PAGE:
My mother was operated on almost as soon as she arrived. To this day, I am in awe of the skill of the surgeons who rebuilt her lip from tissue and flesh taken from other parts of her body. The next morning, my father drove Victor to the vet to have him put down. It took months — years, really — for my mother to heal, but there came a point when, with make-up, you would not notice anything unusual about my mother’s lip from a casual glance.
Thank God I was spared seeing it happen. It was bad enough hearing it and witnessing the grisly aftermath. I ran downstairs, to see my mother bleeding uncontrollably and in unimaginable pain. Her upper lip had been torn off her face. Pictured: Stock photo
Mum today is an active and thriving 89-year-old. If you look closely at her face you might see that it seemed a little odd. But her physical recovery can never take away from the mental anguish of that entirely unprovoked and unexpected attack.
READ MORE: My American Bully XL may look scary… but I trust her with my nine-month-old – ‘heartbroken’ owners defend giant breed that has now been banned in UK after spate of vicious dog attacks
I am convinced there are lessons to be learned from the whole hideous business.
Victor was not an XL bully. But, had it been a baby in front of him, or small child, this chirpy, fun little pet could have become a killer. This is why I believe the proposed ban on XL bullies should only be a first step. Although, practically, it is a difficult one.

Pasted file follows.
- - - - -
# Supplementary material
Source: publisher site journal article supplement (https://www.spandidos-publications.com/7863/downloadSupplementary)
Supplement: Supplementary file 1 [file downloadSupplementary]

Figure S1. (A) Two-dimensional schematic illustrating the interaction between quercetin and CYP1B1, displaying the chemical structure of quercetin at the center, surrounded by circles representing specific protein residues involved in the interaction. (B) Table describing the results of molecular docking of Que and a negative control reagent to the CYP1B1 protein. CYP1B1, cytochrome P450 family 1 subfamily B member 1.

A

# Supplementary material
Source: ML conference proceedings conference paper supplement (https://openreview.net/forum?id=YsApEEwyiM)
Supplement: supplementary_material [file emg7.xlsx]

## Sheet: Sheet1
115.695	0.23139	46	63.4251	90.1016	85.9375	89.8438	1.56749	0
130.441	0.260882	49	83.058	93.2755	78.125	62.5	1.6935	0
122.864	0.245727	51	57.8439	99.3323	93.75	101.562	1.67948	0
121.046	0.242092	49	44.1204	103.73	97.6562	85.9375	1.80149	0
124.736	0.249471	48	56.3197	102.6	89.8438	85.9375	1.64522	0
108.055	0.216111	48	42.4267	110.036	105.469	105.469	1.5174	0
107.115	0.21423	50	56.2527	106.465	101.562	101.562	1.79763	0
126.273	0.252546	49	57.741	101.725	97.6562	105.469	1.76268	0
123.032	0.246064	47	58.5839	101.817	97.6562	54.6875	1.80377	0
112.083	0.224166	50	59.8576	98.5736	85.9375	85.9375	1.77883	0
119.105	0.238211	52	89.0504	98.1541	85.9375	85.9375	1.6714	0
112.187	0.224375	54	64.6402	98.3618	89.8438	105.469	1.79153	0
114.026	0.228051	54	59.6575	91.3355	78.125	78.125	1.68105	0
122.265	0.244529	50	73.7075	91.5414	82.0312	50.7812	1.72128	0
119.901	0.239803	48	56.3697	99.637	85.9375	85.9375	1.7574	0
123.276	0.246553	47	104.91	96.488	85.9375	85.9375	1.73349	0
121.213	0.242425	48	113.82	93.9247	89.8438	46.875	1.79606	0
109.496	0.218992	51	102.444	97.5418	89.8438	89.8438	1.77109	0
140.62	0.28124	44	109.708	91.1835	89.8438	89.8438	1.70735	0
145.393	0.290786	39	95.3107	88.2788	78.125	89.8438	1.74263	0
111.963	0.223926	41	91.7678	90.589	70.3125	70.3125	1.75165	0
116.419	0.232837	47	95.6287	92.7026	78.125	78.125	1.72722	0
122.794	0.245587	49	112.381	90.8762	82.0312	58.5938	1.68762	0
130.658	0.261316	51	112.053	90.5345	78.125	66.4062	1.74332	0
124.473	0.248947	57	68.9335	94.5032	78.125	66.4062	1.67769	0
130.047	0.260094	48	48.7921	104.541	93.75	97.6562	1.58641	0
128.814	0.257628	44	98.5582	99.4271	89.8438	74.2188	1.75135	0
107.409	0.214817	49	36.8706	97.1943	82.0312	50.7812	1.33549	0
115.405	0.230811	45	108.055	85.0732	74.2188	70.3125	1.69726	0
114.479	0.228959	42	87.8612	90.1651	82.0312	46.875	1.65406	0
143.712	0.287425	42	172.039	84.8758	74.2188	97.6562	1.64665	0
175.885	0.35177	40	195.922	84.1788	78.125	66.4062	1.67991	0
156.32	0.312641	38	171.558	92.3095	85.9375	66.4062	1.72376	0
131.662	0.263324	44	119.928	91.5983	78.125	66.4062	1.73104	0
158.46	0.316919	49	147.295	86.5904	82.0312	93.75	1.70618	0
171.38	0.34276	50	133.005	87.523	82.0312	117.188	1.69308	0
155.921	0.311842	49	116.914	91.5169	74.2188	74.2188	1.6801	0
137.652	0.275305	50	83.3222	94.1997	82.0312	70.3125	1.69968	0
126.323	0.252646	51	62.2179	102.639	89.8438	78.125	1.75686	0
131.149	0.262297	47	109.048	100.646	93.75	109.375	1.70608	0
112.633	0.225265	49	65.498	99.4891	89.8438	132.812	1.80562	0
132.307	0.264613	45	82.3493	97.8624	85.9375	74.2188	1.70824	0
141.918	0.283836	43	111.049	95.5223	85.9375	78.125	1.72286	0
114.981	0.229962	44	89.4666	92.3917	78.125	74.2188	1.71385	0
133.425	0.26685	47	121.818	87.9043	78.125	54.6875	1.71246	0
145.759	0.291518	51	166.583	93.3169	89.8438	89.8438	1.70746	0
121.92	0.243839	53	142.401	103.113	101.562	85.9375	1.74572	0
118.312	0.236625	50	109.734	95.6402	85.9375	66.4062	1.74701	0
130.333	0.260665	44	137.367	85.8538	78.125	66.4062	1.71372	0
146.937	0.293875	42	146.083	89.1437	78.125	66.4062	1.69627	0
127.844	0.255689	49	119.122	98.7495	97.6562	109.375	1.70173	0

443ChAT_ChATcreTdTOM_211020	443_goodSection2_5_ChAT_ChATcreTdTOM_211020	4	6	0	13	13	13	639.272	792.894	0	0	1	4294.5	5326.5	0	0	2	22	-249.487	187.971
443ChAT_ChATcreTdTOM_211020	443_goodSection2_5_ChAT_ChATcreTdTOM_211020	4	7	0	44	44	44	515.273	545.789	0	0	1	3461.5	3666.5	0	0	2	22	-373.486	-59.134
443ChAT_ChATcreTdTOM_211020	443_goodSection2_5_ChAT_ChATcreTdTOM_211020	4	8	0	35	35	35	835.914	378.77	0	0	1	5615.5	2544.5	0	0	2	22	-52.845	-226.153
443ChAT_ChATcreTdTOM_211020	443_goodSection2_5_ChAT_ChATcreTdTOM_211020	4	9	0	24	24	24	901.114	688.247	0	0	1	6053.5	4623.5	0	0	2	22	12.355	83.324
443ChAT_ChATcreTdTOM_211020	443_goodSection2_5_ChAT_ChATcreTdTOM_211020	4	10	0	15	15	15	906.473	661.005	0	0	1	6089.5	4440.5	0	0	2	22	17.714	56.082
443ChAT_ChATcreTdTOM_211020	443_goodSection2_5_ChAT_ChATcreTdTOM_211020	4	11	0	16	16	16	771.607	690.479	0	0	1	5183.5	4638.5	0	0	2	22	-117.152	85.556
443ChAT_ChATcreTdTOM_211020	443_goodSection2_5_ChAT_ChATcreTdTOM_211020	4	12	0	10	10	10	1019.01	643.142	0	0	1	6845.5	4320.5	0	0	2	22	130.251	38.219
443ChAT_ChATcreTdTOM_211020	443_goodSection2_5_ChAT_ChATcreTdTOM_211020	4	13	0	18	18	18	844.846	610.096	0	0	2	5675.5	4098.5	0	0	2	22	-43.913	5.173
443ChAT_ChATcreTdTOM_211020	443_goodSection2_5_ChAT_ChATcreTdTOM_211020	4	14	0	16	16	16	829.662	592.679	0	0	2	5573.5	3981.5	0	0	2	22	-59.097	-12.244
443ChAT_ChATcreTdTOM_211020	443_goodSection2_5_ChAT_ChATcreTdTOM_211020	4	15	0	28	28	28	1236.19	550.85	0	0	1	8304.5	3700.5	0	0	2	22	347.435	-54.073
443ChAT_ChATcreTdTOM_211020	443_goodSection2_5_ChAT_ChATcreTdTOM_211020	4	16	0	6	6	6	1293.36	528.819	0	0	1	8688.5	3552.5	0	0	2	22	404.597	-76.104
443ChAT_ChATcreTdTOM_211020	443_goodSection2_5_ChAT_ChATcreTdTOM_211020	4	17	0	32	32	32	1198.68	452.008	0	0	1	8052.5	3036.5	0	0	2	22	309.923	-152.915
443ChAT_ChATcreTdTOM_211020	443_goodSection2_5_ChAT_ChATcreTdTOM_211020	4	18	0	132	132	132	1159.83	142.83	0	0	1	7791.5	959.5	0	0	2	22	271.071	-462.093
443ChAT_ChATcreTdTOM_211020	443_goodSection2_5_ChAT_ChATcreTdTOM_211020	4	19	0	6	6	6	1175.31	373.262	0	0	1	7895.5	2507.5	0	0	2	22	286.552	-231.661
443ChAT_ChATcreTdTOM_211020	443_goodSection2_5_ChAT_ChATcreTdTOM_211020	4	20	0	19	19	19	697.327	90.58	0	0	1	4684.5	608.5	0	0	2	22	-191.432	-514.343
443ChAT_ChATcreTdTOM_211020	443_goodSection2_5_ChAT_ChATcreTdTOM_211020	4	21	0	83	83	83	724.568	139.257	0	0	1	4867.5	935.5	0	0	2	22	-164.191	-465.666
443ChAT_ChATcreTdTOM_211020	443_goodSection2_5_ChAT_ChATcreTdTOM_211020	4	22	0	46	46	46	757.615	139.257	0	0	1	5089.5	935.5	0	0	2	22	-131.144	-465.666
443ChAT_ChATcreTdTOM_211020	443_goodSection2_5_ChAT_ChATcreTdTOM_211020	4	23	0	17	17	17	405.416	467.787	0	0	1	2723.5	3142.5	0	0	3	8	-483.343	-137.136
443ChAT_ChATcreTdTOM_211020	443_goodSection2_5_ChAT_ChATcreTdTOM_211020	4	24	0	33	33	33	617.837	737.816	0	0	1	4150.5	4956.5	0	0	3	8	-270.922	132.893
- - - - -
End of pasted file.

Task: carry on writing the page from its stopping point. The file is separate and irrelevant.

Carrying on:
For a start, we have no way of knowing how many of these Bully dogs there are in the UK to ban.
That’s in part because XL bullies are not a recognised breed, so counting them is almost impossible. We don’t even know how many dogs there are in Britain.
This brings me to what I believe should be the second vital step to curb dog attacks, which in the past decade alone have soared by some 50 per cent against children.
It is vital that the Government brings back dog licences, so that every owner is forced to hold one for every dog they own. And if it is a new owner, they should have a licence in place before the dog is introduced into their home. This would provide essential and accurate information about how many dogs there are in this country, and what breeds they are.
For a start, we have no way of knowing how many of these Bully dogs there are in the UK to ban. Pictured: Stock photo
Dog licences were scrapped in England, Scotland and Wales in 1987, although they still exist in Northern Ireland. If you have dog licences, with stringently enforced rules so that anyone without one is prosecuted, you would not only find out how many dogs exist in Britain and what kind they are, you would also reduce the number of unsuitable owners and breeders. If an owner has what experts designate as one of the more dangerous breeds, they should be forced to undertake a training course.
I know full well that no amount of licences would have stopped Victor going for my mother. Sometimes, an animal’s primal instincts will simply take over.
But all too often, as we are seeing with XL bullies and similar breeds, owners encourage the dogs to be violent and intimidating, by the way they are trained and how they are bred.
Under a dog licensing scheme, these egregious owners would be found out and forced to give up their pets. And Britain’s streets would be the safer for it.